Two laps later, Pecco passed Jack as well. Then Rins felt passing Jack was what all the cool kids were doing, so he gave in to peer pressure – and it was Martin, Mir, and Bagnaia on the charge up the front.
Mir started to look all sorts of threatening behind Martin. But it was all a charade. It didn’t take Pecco all that long to pass the former world champion and drag Rins past him as well.
Meanwhile, the current world champion, Fabulous, had just grabbed fifth spot from Miller, and I was wondering if he could actually mount a challenge for a podium. But Valencia is a hard track to pass on. It’s tight, very technical, and with very few places that passing is even possible. And Fabulous was not burning with intent. He’d still be 2021 champion no matter what happened.
Meanwhile, Rossi was minding his own business in tenth despite running the same lap-times as the blokes up front – which was faster than he’d ever ridden around Valencia. Taka Nakagami was in hot pursuit of the Doctor, until he wasn’t, and as he sprayed rocks into the air, the only Honda left on the track was Alex Marquez’s.
Martin, Pecco, Rins, and Mir were making a little break out the front, and were almost a second ahead of the Fabulous, Miller, and some new red bike. It seems Aleix Espargaro had painted his Aprilia red in the hope it would go like a Ducati if it was painted the same colour.
A third of the way into the race, Rins passed Pecco. The Pecco passed Rins. Then they calmed down for a bit. Fabulous, who was in fifth, slowly started to close in on Mir, and I started to wonder how long it would be before Martin lost his lead to Pecco.
With 19 laps left, Miller put the hurt on Fabulous and took fifth place back, while the top three, Martin, Pecco, and Rins started to eke out a slight gap on Mir. And it was around here that Pecco really started bothering Martin.
Which encouraged Rins to start bothering Pecco. And behind them, Jack started chewing on Mir, because he hates him and doesn’t want him to know any happiness at all.
And then Rins crashed. For the millionth time this year. Turn Six saw his third place go to his team-mate, Mir. But Mir was some seven-tenths behind Pecco and Martin, with Jack hot on his rear tyre.
Two laps later, Mir had closed up a little on the front two and brought Jack with him. Fabulous decided he was good in fifth, and let the front four gap him by almost two seconds.
With fourteen laps left to race, Pecco had had enough of being second, and sailed past Martin in Turn 14, then turned it all up a notch. Behind them, Miller has hating even harder on Mir, and with a mere nine laps left to go, bitched him in Turn Two. Pecco and Martin were 1.2-seconds ahead of him, and Miller began to apply himself to close that gap.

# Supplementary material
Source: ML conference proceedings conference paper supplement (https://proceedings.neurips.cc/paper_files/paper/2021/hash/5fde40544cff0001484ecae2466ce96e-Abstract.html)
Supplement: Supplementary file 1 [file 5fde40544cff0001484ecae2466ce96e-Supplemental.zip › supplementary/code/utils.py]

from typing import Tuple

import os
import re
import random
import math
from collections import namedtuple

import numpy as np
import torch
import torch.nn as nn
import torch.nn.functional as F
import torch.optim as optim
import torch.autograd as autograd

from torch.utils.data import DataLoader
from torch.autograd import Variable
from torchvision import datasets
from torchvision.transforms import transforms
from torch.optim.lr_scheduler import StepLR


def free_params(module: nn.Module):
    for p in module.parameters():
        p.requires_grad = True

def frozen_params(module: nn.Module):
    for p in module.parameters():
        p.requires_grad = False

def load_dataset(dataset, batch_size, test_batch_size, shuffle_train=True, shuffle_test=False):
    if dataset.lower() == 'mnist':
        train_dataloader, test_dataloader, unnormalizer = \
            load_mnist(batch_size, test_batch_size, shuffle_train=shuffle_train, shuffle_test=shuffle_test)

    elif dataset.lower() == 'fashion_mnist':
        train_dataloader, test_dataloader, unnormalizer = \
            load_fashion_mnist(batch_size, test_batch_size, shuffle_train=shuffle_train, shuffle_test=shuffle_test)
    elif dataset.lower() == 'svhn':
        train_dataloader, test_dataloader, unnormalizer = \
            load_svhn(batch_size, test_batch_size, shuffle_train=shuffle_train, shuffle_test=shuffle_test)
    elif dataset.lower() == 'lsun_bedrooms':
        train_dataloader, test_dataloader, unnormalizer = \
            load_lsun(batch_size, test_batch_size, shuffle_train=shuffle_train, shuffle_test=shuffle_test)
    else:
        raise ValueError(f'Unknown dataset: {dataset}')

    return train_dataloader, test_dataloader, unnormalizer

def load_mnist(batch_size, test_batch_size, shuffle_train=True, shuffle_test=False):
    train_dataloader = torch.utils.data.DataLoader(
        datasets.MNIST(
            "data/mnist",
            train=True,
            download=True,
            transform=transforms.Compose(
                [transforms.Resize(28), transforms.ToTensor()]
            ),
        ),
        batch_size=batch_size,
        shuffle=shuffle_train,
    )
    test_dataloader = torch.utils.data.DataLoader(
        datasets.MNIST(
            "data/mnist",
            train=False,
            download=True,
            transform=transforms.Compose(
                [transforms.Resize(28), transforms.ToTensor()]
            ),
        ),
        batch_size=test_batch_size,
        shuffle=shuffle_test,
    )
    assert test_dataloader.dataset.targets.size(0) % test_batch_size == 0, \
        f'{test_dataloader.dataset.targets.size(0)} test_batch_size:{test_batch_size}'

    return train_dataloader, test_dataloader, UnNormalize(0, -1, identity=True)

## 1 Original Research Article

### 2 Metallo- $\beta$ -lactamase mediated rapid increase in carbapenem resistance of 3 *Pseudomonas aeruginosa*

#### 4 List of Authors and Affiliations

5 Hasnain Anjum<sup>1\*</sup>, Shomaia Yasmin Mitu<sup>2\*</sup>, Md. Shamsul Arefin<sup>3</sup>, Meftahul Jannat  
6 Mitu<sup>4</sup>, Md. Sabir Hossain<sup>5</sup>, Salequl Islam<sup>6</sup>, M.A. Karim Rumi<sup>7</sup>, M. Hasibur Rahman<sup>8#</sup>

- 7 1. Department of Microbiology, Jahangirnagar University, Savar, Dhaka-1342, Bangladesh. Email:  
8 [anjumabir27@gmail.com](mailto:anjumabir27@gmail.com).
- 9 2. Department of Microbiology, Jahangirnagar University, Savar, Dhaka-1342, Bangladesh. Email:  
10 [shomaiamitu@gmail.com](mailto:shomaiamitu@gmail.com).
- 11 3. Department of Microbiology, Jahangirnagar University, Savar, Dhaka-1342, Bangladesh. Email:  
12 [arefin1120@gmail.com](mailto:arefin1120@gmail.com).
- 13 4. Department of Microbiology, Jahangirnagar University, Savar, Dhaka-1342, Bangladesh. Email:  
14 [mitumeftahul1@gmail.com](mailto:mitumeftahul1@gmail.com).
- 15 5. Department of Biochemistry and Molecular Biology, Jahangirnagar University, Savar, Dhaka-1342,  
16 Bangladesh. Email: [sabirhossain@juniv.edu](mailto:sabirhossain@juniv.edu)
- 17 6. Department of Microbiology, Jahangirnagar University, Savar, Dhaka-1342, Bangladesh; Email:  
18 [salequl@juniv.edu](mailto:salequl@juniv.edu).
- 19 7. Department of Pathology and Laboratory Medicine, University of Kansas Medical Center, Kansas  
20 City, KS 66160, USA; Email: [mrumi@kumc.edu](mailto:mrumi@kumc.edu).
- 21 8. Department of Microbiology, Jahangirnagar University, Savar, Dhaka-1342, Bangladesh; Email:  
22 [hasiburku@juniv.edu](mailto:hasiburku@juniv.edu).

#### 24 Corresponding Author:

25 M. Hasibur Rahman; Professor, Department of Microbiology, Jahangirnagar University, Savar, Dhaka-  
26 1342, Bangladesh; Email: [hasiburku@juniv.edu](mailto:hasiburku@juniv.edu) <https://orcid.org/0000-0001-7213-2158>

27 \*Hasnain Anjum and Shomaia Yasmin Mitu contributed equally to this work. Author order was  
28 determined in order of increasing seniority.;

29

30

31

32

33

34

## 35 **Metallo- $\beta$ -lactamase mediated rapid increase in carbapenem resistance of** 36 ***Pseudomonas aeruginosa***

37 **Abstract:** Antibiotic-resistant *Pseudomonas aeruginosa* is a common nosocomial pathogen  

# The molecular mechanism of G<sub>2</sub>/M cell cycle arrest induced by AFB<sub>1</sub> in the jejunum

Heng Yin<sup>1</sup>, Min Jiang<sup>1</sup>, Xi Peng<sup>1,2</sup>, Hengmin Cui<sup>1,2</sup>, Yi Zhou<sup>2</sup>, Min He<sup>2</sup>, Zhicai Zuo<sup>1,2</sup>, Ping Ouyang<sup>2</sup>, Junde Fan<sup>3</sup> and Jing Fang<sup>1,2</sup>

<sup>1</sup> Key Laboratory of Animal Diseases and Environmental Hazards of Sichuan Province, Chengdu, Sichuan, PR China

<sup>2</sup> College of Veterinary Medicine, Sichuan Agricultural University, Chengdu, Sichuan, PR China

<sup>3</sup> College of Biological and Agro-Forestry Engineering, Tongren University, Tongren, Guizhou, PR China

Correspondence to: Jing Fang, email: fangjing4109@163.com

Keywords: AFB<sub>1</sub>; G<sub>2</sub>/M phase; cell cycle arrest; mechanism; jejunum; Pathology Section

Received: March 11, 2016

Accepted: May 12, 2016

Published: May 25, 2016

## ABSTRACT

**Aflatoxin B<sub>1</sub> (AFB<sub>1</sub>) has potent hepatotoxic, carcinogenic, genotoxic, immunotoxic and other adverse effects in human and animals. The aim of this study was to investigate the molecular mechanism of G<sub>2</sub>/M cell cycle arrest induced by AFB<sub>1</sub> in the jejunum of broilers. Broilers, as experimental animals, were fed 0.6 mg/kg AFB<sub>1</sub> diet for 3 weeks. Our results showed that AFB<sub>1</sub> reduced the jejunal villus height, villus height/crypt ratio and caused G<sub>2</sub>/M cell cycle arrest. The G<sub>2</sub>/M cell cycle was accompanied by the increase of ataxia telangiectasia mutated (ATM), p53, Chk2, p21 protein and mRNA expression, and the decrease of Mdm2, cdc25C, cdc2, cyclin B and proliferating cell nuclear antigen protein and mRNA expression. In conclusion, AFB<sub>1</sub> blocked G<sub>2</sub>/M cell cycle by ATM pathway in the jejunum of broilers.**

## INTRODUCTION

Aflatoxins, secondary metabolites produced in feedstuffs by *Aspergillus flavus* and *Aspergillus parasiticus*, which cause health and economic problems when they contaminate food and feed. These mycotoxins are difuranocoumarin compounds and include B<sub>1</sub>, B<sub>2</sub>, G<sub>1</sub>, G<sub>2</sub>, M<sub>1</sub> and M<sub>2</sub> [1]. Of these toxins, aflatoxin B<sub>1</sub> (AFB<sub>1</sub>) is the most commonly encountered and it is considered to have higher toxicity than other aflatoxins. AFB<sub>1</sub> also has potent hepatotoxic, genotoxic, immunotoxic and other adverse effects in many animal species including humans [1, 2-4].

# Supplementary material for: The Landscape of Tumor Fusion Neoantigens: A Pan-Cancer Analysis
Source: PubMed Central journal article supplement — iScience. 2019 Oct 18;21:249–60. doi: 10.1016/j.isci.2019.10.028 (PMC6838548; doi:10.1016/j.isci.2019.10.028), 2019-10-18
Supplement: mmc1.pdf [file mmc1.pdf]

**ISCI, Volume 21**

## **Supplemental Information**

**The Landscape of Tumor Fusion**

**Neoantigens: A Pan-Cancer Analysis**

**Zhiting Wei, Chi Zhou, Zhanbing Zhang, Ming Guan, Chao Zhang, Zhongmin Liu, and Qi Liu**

Tenth by tenth, Jack hunted Martin down, but he ran out of laps to put the hurt on him. As it was, Ducati filled the entire podium for the first time in its 18-year campaign.
And that was great, and a wonderful achievement, but all eyes were once again on the Doctor, who was bidding farewell to the world and everyone in it.
Fabulous even squired a 46 flag around the track, as adoration poured down upon Rossi from fellow riders, fans, and marshals. Even the Factory Suzuki team had a dedicated banner stretched across pit-lane when he finally made it back there.
Valencia was ALL about Valentino Rossi, who managed to hang onto his 10th spot, and bow out of his beloved sport with all his bits and pieces unbroken and un-maimed.
There will be countless tributes written about Valentino Rossi. I’m probably going to write a few of them myself. But this is not the time or place for that.
Testing for 2022 starts in a few days. There will be a few fresh faces pulling on new helmets, not the least among them the newly-crowned Moto2 World Champ, Remy Gardner.
And while Rossi may be gone from the actual grid, he will still be there to shepherd his new MotoGP team against the never-ending Spanish assaults, the inevitable rise of KTM, as well as the ongoing efforts of Yamaha, Suzuki, and Aprilia.
Thank you all for your indulgence this season, and thanks to Trev for letting me share my work with you all.
Boris is a writer who has contributed to many magazines and websites over the years, edited a couple of those things as well, and written a few books. But his most important contribution is pissing people off. He feels this is his calling in life and something he takes seriously. He also enjoys whiskey, whisky and the way girls dance on tables. And riding motorcycles. He's pretty keen on that, too.